American high school graduates are taking harder math and science classes, according to a recent report by the National Center for Education Statistics.
In September, Tom Luce, former CEO of the National Math and Science Initiative, said that the United States needs a "STEM-literate population" that starts by "convinc[ing] the entire country that every child must conquer Algebra II." America has made steady progress toward that goal—in 1982, just 40 percent of high school graduates took Algebra II; in 2009, more than 75 percent did.
Students are taking more and harder math and science courses, as well. The NCES survey looks only at high school graduates; a June report by Education Week put the national high school graduation rate at about 72 percent for the class of 2008.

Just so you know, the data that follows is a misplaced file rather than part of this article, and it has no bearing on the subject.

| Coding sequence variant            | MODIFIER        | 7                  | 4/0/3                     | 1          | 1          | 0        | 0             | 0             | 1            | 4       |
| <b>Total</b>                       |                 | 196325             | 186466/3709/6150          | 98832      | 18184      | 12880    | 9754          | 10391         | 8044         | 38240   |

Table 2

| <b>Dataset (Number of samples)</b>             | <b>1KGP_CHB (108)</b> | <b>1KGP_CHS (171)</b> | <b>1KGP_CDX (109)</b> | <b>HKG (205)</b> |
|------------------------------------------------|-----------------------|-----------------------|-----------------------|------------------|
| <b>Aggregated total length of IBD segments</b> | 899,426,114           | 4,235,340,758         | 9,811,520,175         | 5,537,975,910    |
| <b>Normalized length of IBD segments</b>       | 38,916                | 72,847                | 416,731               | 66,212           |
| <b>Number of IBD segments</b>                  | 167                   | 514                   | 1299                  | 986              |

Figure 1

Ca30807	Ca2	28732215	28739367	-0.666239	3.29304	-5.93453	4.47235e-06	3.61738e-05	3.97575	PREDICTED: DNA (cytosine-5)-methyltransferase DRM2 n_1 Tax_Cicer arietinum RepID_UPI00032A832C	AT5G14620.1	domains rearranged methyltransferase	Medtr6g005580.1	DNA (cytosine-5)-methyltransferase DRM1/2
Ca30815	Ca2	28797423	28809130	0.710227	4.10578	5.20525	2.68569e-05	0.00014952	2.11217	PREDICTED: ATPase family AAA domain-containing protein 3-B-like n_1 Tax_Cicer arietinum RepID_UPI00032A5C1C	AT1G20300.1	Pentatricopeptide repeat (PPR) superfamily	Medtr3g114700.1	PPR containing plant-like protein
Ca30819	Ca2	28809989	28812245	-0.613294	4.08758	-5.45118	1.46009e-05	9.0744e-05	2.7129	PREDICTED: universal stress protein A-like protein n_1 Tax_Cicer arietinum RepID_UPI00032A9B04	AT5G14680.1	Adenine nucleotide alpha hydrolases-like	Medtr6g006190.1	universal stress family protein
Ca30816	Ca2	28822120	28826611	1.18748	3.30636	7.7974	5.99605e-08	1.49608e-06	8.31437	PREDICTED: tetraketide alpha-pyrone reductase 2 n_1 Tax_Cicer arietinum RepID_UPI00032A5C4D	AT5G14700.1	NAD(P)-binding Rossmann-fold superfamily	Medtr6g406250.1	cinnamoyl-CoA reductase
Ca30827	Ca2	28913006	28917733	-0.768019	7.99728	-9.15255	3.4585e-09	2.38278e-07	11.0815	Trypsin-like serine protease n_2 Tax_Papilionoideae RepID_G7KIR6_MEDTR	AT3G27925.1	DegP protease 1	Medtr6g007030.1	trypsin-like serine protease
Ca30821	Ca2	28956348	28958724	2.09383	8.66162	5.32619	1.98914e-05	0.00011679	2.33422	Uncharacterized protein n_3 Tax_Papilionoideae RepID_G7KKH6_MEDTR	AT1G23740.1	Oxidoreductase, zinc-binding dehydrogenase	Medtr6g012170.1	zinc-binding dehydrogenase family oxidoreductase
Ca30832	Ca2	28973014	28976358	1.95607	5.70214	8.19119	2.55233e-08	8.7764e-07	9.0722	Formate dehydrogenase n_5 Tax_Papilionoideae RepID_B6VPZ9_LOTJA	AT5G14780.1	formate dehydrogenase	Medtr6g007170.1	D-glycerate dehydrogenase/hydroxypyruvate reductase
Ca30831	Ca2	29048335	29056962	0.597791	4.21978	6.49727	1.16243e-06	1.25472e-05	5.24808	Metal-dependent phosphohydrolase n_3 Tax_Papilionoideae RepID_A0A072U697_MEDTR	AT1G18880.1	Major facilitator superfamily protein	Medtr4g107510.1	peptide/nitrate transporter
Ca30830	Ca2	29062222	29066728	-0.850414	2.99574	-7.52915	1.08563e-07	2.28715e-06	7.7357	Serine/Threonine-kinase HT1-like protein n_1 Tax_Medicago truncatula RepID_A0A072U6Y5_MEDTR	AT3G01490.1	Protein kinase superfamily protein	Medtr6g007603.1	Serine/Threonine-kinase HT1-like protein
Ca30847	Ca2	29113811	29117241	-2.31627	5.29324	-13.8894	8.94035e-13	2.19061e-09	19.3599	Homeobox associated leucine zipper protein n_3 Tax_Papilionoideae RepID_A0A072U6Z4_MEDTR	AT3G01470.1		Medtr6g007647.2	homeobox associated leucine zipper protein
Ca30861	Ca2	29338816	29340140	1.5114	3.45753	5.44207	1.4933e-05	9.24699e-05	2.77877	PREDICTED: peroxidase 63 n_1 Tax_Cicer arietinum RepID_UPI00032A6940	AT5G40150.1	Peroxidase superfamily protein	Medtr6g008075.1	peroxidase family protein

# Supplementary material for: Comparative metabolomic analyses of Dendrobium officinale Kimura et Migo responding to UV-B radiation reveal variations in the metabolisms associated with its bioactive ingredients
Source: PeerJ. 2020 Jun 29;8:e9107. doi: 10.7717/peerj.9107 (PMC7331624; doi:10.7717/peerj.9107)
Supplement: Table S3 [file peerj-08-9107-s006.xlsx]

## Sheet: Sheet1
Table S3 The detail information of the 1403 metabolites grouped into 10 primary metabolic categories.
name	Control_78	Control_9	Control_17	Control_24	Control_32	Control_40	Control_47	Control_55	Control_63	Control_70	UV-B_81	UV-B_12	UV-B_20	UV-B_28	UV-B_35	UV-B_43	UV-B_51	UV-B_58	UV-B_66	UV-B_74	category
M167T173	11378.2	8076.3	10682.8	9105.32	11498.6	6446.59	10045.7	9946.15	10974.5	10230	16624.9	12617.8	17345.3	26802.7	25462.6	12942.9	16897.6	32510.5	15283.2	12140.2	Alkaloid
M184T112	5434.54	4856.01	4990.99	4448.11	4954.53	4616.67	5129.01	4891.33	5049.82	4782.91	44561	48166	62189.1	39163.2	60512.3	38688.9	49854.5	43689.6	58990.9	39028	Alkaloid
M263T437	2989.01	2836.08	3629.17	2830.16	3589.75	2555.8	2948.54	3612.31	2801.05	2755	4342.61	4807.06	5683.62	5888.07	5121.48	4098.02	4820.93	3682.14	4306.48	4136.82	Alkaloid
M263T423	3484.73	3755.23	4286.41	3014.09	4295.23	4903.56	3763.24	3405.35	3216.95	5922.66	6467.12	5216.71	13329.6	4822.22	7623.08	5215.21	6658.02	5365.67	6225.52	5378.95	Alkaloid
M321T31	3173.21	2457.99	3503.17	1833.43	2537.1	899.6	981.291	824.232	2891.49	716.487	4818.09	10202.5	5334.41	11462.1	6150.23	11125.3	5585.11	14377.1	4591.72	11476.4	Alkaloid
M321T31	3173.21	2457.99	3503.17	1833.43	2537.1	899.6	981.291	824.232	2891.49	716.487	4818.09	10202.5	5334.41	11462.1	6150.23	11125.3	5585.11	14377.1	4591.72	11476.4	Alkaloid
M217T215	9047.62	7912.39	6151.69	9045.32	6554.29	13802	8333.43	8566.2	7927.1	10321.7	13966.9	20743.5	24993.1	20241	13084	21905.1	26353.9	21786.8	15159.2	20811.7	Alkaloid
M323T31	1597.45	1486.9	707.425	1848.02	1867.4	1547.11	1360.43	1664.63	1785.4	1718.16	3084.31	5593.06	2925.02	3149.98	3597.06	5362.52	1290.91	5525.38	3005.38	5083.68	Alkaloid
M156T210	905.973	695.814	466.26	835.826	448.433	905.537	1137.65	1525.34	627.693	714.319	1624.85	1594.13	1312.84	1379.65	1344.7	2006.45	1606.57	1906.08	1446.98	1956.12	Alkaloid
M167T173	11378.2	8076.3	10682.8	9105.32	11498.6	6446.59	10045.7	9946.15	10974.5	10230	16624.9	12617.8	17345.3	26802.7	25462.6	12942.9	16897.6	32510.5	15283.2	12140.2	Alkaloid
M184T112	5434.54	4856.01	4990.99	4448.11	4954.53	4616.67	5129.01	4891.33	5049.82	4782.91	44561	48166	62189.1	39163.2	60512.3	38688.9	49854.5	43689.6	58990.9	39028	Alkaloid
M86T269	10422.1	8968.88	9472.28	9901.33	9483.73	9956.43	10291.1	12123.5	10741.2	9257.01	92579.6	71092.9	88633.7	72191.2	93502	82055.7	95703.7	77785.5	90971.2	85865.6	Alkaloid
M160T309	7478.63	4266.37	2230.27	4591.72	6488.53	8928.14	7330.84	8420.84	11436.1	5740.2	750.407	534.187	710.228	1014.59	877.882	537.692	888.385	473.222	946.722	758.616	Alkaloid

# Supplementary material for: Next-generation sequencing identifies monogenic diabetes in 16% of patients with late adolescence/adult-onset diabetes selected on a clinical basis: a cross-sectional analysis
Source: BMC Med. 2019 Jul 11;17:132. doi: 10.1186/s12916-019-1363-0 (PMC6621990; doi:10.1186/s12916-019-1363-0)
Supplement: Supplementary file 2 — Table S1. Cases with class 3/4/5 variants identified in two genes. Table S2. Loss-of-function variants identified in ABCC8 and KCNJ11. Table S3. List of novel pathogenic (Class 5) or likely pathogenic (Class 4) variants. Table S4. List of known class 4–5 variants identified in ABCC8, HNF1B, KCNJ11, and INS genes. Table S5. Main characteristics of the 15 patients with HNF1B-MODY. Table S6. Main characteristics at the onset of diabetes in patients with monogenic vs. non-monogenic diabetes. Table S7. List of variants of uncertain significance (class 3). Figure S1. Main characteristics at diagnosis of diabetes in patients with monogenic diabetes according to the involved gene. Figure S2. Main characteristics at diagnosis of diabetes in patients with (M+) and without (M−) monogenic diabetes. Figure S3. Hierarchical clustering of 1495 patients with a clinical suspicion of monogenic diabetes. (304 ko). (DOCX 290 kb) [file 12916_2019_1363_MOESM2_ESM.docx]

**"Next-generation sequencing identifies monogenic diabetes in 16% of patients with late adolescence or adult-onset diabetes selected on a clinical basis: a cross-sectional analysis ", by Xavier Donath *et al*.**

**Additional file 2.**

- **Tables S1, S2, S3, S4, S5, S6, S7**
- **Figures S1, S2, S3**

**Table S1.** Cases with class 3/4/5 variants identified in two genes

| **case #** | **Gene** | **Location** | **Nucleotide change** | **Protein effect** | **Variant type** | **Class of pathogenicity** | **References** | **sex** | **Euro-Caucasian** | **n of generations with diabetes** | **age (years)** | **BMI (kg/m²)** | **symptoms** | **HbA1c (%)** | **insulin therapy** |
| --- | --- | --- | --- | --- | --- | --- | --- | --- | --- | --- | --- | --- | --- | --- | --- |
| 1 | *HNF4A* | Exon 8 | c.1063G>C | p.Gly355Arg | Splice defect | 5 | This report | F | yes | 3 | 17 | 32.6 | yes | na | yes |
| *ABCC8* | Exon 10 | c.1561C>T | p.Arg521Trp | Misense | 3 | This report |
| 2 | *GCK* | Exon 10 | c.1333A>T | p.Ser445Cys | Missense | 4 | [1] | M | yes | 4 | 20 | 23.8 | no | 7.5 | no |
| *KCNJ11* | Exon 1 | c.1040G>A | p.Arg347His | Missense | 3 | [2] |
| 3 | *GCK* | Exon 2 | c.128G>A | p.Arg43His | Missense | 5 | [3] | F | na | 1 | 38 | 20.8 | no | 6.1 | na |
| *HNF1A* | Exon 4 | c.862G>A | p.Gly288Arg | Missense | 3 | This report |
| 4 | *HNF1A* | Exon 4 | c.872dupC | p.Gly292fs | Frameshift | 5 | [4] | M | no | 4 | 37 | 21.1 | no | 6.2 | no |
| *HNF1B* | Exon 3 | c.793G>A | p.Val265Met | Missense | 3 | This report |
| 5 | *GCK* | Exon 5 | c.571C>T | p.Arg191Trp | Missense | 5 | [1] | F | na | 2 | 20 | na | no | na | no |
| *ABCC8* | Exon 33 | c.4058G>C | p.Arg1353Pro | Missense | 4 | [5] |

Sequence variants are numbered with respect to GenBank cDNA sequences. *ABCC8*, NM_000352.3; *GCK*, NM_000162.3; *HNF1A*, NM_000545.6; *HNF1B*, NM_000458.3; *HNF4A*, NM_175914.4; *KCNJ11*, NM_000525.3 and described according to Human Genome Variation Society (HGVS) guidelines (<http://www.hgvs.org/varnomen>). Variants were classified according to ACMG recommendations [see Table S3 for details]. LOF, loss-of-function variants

Since 2000, the percentage of graduates who took calculus increased from 11.6 percent to 15.9 percent, and the percentage of students taking precalculus increased from 27 percent to 35 percent over the same time frame.
In science, just a third of 1982 high school graduates took chemistry. By 2005, that number doubled, and in 2009, more than 70 percent of students took chemistry. Biology is now nearly universally taken by high school grads. Just more than a third of 2009 high school grads took physics, but nearly all students who took physics also took biology and chemistry.
Students are also taking more Advanced Placement examinations. In 1998, the College Board administered just under a million AP exams. In 2005, 2 million exams were given, and in 2010, 3.1 million exams were given.